ments would be common, and it was not till many years later, that a narrowing faith made Anne write them down as "the follyes of youth." Through that youth, she had part in every opportunity that the increased respect for women afforded.
Many a Puritan matron shared her husband's studies, or followed her boys in their preparation for Oxford or Cambridge, and Anne Bradstreet's poems and the few prose memorials she left, give full evidence of an unusually broad training, her delicacy of health making her more ready for absorption in study. Shakespeare and Cervantes were still alive at her birth, and she was old enough, with the precocious development of the time, to have known the sense of loss and the general mourning at their death in 1616. It is doubtful if the plays of the elder dramatists were allowed her, though there are hints in her poems of some knowledge of Shakespeare, but by the time girlhood was reached, the feeling against them had increased to a degree hardly comprehensible save in the light of contemporaneous history. The worst spirit of the time was incorporated in the later plays, and the Puritans made no discrimination. The players in turn hated them, and Mrs. Hutchinson wrote:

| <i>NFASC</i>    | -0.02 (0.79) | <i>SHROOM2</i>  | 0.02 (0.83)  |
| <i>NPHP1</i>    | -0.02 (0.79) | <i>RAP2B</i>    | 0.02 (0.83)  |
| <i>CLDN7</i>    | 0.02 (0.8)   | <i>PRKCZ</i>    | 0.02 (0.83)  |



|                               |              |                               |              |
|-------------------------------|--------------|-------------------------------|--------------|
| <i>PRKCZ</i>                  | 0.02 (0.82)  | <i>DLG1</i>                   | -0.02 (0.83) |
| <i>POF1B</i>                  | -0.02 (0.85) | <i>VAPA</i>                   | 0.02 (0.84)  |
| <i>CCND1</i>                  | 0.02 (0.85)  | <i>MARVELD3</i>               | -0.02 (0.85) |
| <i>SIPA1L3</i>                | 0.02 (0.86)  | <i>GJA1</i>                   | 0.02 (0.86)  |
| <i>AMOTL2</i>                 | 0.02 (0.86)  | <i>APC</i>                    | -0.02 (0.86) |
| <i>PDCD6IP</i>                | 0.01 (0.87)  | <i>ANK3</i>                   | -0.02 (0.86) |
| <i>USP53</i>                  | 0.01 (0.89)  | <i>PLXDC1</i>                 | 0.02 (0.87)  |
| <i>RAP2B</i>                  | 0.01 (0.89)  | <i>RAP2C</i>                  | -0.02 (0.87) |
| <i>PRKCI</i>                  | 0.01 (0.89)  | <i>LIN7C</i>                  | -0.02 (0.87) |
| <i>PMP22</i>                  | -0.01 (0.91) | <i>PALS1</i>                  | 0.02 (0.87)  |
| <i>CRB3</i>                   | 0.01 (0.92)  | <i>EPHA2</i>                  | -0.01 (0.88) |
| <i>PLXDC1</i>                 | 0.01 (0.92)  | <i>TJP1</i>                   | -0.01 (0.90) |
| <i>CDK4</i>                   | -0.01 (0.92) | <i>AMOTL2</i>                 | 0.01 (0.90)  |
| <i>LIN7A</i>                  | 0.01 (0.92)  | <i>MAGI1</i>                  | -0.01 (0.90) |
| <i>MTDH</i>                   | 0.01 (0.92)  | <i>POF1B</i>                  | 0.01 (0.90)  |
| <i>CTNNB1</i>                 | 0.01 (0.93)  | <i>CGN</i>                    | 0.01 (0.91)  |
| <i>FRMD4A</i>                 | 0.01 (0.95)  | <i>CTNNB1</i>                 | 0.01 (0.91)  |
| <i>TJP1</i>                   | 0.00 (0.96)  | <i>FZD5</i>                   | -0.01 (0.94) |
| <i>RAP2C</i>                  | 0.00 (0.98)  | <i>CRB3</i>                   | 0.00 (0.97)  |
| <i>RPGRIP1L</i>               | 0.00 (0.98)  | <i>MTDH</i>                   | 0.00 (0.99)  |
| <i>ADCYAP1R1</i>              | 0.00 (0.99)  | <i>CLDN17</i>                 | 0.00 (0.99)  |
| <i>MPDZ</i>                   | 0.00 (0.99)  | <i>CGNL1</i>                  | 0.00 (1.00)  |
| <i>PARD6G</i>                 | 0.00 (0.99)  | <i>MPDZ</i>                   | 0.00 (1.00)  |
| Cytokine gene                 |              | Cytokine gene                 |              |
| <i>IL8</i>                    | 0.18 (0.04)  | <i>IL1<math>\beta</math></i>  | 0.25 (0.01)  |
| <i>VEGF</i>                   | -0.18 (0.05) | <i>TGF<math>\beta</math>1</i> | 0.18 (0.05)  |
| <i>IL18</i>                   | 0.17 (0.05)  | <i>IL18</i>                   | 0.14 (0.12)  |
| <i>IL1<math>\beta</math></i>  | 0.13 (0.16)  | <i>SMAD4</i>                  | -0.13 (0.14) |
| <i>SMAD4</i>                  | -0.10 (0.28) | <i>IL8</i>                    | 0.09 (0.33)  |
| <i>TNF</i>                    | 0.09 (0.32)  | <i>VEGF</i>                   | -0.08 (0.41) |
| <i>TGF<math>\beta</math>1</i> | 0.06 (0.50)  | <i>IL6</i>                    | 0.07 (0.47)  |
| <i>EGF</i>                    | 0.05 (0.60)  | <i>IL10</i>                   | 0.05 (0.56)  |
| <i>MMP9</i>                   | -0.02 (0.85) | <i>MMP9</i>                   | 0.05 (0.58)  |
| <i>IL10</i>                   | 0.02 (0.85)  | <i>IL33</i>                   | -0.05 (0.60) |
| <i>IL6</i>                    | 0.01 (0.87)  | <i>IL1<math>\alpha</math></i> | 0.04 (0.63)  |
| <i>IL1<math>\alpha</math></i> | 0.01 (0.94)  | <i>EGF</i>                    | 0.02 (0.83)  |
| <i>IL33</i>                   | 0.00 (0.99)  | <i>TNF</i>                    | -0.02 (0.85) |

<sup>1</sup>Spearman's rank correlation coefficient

"Every stage and every table, and every puppet-play, belched forth profane scoffs upon them, the drunkards made them their songs, and all fiddlers and mimics learned to abuse them, as finding it the most gameful way of fooling."
If, however, the dramatists were forbidden, there were new and inexhaustible sources of inspiration and enjoyment, in the throng of new books, which the quiet of the reign of James allowed to appear in